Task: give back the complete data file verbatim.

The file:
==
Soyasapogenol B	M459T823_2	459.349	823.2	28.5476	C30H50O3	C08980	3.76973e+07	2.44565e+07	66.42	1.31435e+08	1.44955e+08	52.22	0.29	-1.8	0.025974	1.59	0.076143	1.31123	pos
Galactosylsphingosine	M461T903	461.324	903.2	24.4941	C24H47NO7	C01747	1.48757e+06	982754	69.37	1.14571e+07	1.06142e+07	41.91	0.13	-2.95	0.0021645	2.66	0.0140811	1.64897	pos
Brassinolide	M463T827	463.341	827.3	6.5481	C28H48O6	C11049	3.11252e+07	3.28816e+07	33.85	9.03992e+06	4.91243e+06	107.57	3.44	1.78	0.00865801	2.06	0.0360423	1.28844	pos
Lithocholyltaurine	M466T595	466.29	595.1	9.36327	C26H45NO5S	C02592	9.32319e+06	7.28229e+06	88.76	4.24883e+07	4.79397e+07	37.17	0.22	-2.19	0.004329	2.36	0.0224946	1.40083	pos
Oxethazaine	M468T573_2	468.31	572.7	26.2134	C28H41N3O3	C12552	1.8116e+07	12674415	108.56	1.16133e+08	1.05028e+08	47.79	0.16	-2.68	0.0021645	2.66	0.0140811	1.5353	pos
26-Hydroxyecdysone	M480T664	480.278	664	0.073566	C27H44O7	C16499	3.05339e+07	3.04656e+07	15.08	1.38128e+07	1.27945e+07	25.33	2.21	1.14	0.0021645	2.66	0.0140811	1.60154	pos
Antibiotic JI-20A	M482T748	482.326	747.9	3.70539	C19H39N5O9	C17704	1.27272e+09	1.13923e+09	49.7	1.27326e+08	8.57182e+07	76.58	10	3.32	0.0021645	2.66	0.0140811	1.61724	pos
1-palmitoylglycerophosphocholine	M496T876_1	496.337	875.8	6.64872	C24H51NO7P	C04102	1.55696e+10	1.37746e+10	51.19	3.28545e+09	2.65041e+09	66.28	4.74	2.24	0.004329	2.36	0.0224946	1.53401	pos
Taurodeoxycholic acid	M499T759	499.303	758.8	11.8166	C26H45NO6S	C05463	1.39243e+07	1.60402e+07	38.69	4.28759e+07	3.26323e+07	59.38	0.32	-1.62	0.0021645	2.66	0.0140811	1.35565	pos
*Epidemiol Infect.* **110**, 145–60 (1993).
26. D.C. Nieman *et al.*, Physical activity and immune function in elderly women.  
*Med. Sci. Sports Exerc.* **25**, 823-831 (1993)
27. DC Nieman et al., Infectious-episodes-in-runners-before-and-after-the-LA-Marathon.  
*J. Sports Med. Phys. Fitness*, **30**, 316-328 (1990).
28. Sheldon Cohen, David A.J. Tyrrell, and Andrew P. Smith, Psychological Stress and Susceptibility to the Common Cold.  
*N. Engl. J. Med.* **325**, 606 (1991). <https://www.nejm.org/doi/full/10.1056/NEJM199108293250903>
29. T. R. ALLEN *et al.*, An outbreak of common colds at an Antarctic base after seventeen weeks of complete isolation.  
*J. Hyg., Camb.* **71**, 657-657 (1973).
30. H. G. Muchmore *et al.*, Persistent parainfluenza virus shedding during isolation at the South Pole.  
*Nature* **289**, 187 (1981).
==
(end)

Soyasapogenol B	M459T823_2	459.349	823.2	28.5476	C30H50O3	C08980	3.76973e+07	2.44565e+07	66.42	1.31435e+08	1.44955e+08	52.22	0.29	-1.8	0.025974	1.59	0.076143	1.31123	pos
Galactosylsphingosine	M461T903	461.324	903.2	24.4941	C24H47NO7	C01747	1.48757e+06	982754	69.37	1.14571e+07	1.06142e+07	41.91	0.13	-2.95	0.0021645	2.66	0.0140811	1.64897	pos
Brassinolide	M463T827	463.341	827.3	6.5481	C28H48O6	C11049	3.11252e+07	3.28816e+07	33.85	9.03992e+06	4.91243e+06	107.57	3.44	1.78	0.00865801	2.06	0.0360423	1.28844	pos
Lithocholyltaurine	M466T595	466.29	595.1	9.36327	C26H45NO5S	C02592	9.32319e+06	7.28229e+06	88.76	4.24883e+07	4.79397e+07	37.17	0.22	-2.19	0.004329	2.36	0.0224946	1.40083	pos
Oxethazaine	M468T573_2	468.31	572.7	26.2134	C28H41N3O3	C12552	1.8116e+07	12674415	108.56	1.16133e+08	1.05028e+08	47.79	0.16	-2.68	0.0021645	2.66	0.0140811	1.5353	pos
26-Hydroxyecdysone	M480T664	480.278	664	0.073566	C27H44O7	C16499	3.05339e+07	3.04656e+07	15.08	1.38128e+07	1.27945e+07	25.33	2.21	1.14	0.0021645	2.66	0.0140811	1.60154	pos
Antibiotic JI-20A	M482T748	482.326	747.9	3.70539	C19H39N5O9	C17704	1.27272e+09	1.13923e+09	49.7	1.27326e+08	8.57182e+07	76.58	10	3.32	0.0021645	2.66	0.0140811	1.61724	pos
1-palmitoylglycerophosphocholine	M496T876_1	496.337	875.8	6.64872	C24H51NO7P	C04102	1.55696e+10	1.37746e+10	51.19	3.28545e+09	2.65041e+09	66.28	4.74	2.24	0.004329	2.36	0.0224946	1.53401	pos
Taurodeoxycholic acid	M499T759	499.303	758.8	11.8166	C26H45NO6S	C05463	1.39243e+07	1.60402e+07	38.69	4.28759e+07	3.26323e+07	59.38	0.32	-1.62	0.0021645	2.66	0.0140811	1.35565	pos
*Epidemiol Infect.* **110**, 145–60 (1993).
26. D.C. Nieman *et al.*, Physical activity and immune function in elderly women.  
*Med. Sci. Sports Exerc.* **25**, 823-831 (1993)
27. DC Nieman et al., Infectious-episodes-in-runners-before-and-after-the-LA-Marathon.  
*J. Sports Med. Phys. Fitness*, **30**, 316-328 (1990).
28. Sheldon Cohen, David A.J. Tyrrell, and Andrew P. Smith, Psychological Stress and Susceptibility to the Common Cold.  
*N. Engl. J. Med.* **325**, 606 (1991). <https://www.nejm.org/doi/full/10.1056/NEJM199108293250903>
29. T. R. ALLEN *et al.*, An outbreak of common colds at an Antarctic base after seventeen weeks of complete isolation.  
*J. Hyg., Camb.* **71**, 657-657 (1973).
30. H. G. Muchmore *et al.*, Persistent parainfluenza virus shedding during isolation at the South Pole.  
*Nature* **289**, 187 (1981).